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The Lottery is a Monopoly, Operated by State Governments and Funded by Lottery Profits

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The United States has a variety of state-sponsored lotteries. Some of the earliest were in Connecticut and Florida, while others were later established. The lottery is a monopoly, operated by state governments and funded by lottery profits for government programs. As of August 2004, there were forty states with state-sponsored lotteries. In addition to convenience stores, some nonprofit organizations, service stations, restaurants, bars, and newsstands also sell lottery tickets.

The history of lotteries dates back to ancient times. Many ancient documents record the practice of drawing lots to determine ownership. The practice became common in Europe during the fifteenth and sixteenth centuries. In the United States, lottery funding was tied to the founding of Jamestown in Virginia, and it was later used by public and private organizations to fund public works and towns. A 1999 report by the National Gambling Impact Study Commission describes most colonial-era lotteries as ineffective.

A lotteries’ chances of winning are very slim, but pooling funds with other people increases your chances of winning while decreasing your chances of losing your investment. A lottery pool with 49 people can generate more than $172.7 million in prize money in a single week. The lottery can also provide a significant cash prize, with a jackpot worth $319 million in March 2011.

While there is a great deal of controversy surrounding lotteries, they are a common source of financial revenue for state governments. While many people view them as addictive forms of gambling, the money generated by these games is used to support public good causes. For the average person, the lottery is free to play and can provide hours of entertainment. And the biggest prize is always a multimillion-dollar jackpot. So why are lottery fans so willing to take the risk?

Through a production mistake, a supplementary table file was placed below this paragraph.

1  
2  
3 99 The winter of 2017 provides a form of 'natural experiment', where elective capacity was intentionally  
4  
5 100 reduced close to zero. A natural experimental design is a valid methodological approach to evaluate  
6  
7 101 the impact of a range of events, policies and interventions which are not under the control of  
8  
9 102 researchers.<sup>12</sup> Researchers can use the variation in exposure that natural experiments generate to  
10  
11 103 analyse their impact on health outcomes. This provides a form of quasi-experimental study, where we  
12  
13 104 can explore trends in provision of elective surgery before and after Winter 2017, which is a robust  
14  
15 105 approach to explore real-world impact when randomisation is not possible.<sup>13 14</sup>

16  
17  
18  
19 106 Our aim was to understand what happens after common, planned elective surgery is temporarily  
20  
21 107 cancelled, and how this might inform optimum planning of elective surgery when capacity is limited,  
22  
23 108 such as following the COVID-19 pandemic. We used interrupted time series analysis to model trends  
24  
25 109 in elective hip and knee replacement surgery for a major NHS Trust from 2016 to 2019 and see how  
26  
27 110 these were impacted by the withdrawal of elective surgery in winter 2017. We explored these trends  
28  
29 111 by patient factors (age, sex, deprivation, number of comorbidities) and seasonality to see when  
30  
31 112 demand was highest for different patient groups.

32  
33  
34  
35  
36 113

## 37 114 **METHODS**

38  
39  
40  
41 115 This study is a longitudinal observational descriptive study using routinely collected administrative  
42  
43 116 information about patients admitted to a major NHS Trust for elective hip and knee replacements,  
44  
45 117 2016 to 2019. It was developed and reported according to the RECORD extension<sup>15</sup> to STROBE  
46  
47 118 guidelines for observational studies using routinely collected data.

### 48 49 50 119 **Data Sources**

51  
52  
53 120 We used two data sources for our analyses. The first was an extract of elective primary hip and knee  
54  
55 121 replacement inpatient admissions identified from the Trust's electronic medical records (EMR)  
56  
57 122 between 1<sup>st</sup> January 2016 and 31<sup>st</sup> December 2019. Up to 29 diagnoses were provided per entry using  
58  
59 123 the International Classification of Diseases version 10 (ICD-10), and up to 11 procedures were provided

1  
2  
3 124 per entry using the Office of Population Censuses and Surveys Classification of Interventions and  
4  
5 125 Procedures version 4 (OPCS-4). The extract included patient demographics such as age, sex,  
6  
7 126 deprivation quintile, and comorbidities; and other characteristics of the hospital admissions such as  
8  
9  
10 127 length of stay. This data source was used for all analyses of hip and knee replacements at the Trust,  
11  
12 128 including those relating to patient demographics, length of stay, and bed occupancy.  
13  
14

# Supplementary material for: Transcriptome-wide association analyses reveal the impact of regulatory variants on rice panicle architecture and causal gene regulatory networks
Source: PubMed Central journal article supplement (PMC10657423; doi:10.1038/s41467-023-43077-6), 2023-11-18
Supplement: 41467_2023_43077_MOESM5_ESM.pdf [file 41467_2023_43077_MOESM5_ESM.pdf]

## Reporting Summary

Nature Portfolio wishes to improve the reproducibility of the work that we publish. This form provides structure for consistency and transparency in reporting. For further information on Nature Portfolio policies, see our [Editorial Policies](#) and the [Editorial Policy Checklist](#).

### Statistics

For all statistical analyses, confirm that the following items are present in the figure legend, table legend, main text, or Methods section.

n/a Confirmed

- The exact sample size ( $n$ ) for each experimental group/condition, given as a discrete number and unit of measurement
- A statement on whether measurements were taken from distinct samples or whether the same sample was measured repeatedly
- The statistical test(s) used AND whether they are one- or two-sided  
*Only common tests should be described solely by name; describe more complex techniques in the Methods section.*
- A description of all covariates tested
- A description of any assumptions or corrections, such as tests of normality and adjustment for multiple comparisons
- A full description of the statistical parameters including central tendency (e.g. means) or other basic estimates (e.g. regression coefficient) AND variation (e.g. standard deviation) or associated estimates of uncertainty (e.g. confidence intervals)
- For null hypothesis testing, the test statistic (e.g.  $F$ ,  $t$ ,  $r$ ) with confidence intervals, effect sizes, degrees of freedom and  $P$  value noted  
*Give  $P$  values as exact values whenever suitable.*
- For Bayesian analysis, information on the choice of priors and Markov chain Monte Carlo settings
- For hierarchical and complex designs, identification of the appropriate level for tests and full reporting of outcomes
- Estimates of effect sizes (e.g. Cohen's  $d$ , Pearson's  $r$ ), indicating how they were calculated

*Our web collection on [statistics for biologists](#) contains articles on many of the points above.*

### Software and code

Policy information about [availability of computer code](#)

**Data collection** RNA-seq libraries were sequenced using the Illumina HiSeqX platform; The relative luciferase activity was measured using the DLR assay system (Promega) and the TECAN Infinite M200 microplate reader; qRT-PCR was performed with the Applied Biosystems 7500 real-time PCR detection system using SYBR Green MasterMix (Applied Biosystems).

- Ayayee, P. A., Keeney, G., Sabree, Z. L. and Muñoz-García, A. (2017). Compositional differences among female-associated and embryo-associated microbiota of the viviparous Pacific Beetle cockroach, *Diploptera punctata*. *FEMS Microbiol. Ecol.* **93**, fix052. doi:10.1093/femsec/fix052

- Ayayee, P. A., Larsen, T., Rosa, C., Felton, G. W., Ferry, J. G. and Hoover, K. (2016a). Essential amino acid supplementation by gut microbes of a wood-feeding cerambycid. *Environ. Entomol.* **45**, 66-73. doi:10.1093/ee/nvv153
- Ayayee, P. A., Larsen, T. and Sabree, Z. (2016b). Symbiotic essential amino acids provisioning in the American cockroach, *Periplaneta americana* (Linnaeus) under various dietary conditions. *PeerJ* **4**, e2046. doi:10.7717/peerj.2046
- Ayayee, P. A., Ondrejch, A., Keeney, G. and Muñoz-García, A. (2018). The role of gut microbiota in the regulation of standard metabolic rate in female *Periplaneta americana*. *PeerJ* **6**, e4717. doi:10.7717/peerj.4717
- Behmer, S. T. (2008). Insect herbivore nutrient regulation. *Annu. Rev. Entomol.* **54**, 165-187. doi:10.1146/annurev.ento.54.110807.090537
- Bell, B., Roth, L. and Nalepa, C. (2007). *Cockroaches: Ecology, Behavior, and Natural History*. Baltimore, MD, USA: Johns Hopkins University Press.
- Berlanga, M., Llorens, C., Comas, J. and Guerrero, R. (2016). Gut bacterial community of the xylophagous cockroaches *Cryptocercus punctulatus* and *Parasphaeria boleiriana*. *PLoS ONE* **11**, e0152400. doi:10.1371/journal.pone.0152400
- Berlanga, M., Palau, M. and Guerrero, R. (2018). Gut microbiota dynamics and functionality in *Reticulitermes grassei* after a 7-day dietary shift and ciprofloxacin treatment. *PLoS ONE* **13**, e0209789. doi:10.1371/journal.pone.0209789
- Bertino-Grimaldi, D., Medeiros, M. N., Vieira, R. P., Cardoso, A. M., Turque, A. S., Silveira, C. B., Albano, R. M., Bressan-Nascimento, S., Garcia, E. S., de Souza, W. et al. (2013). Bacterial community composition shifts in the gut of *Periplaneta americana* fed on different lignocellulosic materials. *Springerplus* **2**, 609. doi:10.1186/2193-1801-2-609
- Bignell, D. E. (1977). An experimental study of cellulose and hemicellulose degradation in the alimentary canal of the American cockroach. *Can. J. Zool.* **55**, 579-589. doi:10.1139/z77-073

The North American Association of State and Provincial Lotteries reports that U.S. lottery sales totaled $56.4 billion in FY 2006. This is a 9% increase over 2005. A study by Charles T. Clotfelter and colleagues found that lottery revenues made up 0.67% to 4.07% of total state revenue, which is lower than general sales taxes and income taxes. And while it might be tempting to gamble, the profits are not large enough to sustain state governments.

In the United States, approximately 70% of respondents would vote to keep their state’s lottery. Interestingly, support for the lottery was higher among Democrats and Republicans, compared to nonlottery states. In addition, 54% of respondents cited education and public transportation as the most appropriate use of lottery proceeds. Other problems included the excessive advertising and underage gambling. In South Carolina, lottery participation is disproportionately among African-Americans, with 82% of adults in the state.

As more states join multistate lotteries, the jackpot sizes remain relatively low. This is due to jackpot fatigue, which has driven many people to abandon the game, citing the inability of the individual states to increase jackpot size without increasing sales. This is a difficult and politically risky option, so it has led to the expansion of multistate lotteries. And while jackpot size has decreased, there has been a rise in the number of players in these games.

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